Because of numerous warnings to Latvia from the International Monetary Fund (IMF) and the Organization for Economic Cooperation and Development (OECD) regarding weak money laundering regulations being abused by international customers, such as Russia and former Soviet Union countries, Latvia is now rushing to improve their banking sector regulations after being accused by the US of laundering money to North Korea’s nuclear weapons development program.
In response, Latvia’s capital, Riga, is working to crack down on shell companies, remove all deposits made in USD, and limit the amount of non-residential customers each bank can have. Of the 23 commercial banks in Latvia, 11 specifically provide services to non-residential customers. In 2016 alone, Latvia saw 446 million euros ($475 million) in exports from the financial services they provided.
After money laundering claims from the US against Latvian bank ABLV caused the bank to be dissolved in February, the rising issue of shell companies came to light with more than 26,000 shell companies being owned by Latvian bank customers as stated by Peteris Putnins, head of Latvia’s Financial and Capital Markets Commission (FCMC). The US Treasury claimed ABLV had “facilitated transactions for corrupt politically exposed persons and has funneled billions of dollars in public corruption and asset stripping proceeds through shell company accounts.” Because many of ABLV’s depositors were from overseas, Latvia’s financial market was greatly impacted after ABLV was shutdown.
Latvia’s crackdown on their banking sector is limited to banks with non-residential customers after the OECD warned Latvia that non-resident deposits can be “a substantial risk that money obtained from corruption committed outside of Latvia is laundering inside the country” back in 2015. The Organized Crime and Corruption Reporting Project (OCCRP) claimed that during 2011 to 2014 Trasta Komercbanka, a Latvian bank based in Riga, was used by shell companies to launder $13 billion in fraud and corruption schemes in Moldova, while another Latvian subsidiary of a Ukrainian bank, Privatbank, laundered $3 billion. Rietumu Banka based in Latvia with customers that are mostly non-residentials, is also facing an 80 million euro fine from a French court that is accusing the bank of money laundering.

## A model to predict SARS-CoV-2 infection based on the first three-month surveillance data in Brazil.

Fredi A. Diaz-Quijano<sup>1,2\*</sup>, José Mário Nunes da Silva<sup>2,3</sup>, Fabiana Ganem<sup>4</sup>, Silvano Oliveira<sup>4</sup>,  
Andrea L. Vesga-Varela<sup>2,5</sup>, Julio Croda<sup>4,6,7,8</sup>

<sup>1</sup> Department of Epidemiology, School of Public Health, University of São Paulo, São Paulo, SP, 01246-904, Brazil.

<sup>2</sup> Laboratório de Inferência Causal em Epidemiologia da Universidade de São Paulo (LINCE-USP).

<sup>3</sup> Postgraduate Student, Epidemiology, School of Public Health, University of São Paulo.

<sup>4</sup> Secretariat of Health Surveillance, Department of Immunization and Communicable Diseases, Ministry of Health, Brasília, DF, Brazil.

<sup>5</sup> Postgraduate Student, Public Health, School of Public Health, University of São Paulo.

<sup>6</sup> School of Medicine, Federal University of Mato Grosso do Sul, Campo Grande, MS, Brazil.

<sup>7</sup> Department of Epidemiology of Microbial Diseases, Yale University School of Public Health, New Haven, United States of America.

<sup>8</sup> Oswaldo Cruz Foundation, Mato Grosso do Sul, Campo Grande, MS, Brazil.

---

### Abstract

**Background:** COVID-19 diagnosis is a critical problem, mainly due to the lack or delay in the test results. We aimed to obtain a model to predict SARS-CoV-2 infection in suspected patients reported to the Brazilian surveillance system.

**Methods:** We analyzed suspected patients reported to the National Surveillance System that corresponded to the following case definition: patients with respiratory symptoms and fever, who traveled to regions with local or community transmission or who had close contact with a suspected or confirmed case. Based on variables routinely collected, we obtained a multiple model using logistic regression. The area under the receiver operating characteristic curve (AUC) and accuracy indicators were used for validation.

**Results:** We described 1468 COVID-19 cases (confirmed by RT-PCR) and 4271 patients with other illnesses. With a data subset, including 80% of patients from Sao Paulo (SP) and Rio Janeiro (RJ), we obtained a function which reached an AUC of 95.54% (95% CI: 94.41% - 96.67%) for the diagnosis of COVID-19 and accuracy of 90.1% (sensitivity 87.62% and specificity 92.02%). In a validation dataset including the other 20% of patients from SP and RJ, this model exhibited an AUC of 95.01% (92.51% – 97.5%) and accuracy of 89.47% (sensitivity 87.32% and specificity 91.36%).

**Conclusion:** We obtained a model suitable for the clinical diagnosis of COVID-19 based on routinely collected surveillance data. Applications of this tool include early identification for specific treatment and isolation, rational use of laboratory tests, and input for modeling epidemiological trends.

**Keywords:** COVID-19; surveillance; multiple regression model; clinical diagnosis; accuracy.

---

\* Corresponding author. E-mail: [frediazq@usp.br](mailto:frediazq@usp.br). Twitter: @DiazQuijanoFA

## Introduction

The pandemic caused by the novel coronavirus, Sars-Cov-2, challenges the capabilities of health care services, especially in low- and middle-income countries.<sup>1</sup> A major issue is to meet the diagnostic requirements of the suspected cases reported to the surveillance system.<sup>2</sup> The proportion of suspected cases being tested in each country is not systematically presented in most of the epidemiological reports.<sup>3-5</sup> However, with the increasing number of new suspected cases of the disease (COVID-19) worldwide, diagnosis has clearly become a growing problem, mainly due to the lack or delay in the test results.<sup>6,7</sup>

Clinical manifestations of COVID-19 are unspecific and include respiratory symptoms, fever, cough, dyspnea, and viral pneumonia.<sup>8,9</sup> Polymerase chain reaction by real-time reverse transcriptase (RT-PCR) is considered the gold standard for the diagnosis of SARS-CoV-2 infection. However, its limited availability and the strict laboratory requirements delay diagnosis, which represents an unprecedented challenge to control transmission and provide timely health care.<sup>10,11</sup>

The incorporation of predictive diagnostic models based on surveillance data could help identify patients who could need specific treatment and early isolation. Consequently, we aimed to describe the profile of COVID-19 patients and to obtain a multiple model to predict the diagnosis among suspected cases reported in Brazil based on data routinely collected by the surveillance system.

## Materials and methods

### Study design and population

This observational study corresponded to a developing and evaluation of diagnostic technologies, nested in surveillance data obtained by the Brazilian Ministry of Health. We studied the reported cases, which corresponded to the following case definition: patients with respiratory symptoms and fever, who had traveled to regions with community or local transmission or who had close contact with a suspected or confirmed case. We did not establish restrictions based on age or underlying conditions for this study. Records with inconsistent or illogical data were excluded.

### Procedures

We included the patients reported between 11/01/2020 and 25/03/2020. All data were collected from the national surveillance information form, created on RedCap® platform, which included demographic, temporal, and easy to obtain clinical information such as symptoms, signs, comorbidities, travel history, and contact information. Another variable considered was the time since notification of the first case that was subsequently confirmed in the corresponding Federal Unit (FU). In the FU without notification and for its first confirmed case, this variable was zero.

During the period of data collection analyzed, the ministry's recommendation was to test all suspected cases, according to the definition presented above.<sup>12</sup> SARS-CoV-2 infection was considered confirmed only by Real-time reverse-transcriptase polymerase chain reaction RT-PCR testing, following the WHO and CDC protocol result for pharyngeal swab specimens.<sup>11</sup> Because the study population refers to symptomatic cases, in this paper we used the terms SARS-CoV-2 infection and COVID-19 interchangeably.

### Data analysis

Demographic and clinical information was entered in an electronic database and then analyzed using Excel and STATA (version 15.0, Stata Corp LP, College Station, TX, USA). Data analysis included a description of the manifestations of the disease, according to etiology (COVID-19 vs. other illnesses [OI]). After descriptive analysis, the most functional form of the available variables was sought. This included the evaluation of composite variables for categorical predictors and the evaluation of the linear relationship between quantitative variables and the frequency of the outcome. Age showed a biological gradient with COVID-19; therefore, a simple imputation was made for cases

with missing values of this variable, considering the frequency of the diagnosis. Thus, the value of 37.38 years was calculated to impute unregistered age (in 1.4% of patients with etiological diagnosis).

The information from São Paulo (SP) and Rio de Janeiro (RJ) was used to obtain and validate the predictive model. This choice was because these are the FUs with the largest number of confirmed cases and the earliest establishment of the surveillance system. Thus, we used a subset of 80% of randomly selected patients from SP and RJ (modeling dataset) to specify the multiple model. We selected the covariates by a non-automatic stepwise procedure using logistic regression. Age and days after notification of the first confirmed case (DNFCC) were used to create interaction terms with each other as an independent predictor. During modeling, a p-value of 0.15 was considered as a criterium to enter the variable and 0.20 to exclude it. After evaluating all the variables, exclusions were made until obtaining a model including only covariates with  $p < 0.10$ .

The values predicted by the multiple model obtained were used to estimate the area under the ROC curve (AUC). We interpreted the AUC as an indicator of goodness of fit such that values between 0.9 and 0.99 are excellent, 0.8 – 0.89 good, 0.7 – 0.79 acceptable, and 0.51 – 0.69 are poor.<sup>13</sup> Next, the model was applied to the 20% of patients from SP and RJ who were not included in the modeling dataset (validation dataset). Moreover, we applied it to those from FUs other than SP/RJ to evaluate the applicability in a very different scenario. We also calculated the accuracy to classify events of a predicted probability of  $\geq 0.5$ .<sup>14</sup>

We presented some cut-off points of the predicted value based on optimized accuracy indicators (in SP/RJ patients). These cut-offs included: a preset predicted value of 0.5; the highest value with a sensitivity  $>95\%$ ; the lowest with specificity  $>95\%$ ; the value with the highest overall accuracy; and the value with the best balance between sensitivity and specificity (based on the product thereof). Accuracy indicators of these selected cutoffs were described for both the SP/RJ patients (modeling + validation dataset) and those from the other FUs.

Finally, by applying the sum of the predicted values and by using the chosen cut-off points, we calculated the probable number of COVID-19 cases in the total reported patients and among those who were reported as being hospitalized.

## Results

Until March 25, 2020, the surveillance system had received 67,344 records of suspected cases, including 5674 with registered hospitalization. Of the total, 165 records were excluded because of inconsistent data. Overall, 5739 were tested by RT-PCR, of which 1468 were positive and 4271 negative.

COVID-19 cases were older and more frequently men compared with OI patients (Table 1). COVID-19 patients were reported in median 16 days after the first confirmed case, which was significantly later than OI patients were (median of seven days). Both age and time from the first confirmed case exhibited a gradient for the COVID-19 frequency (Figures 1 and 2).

Latvia is currently awaiting a bill to be signed that will prohibit lenders from doing business with companies who cannot provide evidence of real operations while plans are also in place to cut down the number of non-residential bank accounts from 39% in 2017 to 5% and to create stricter regulations for the source and legality funds from past and future non-residents. Putnins has stated that Latvia can expect most of these new reforms to go into effect within the next six months.
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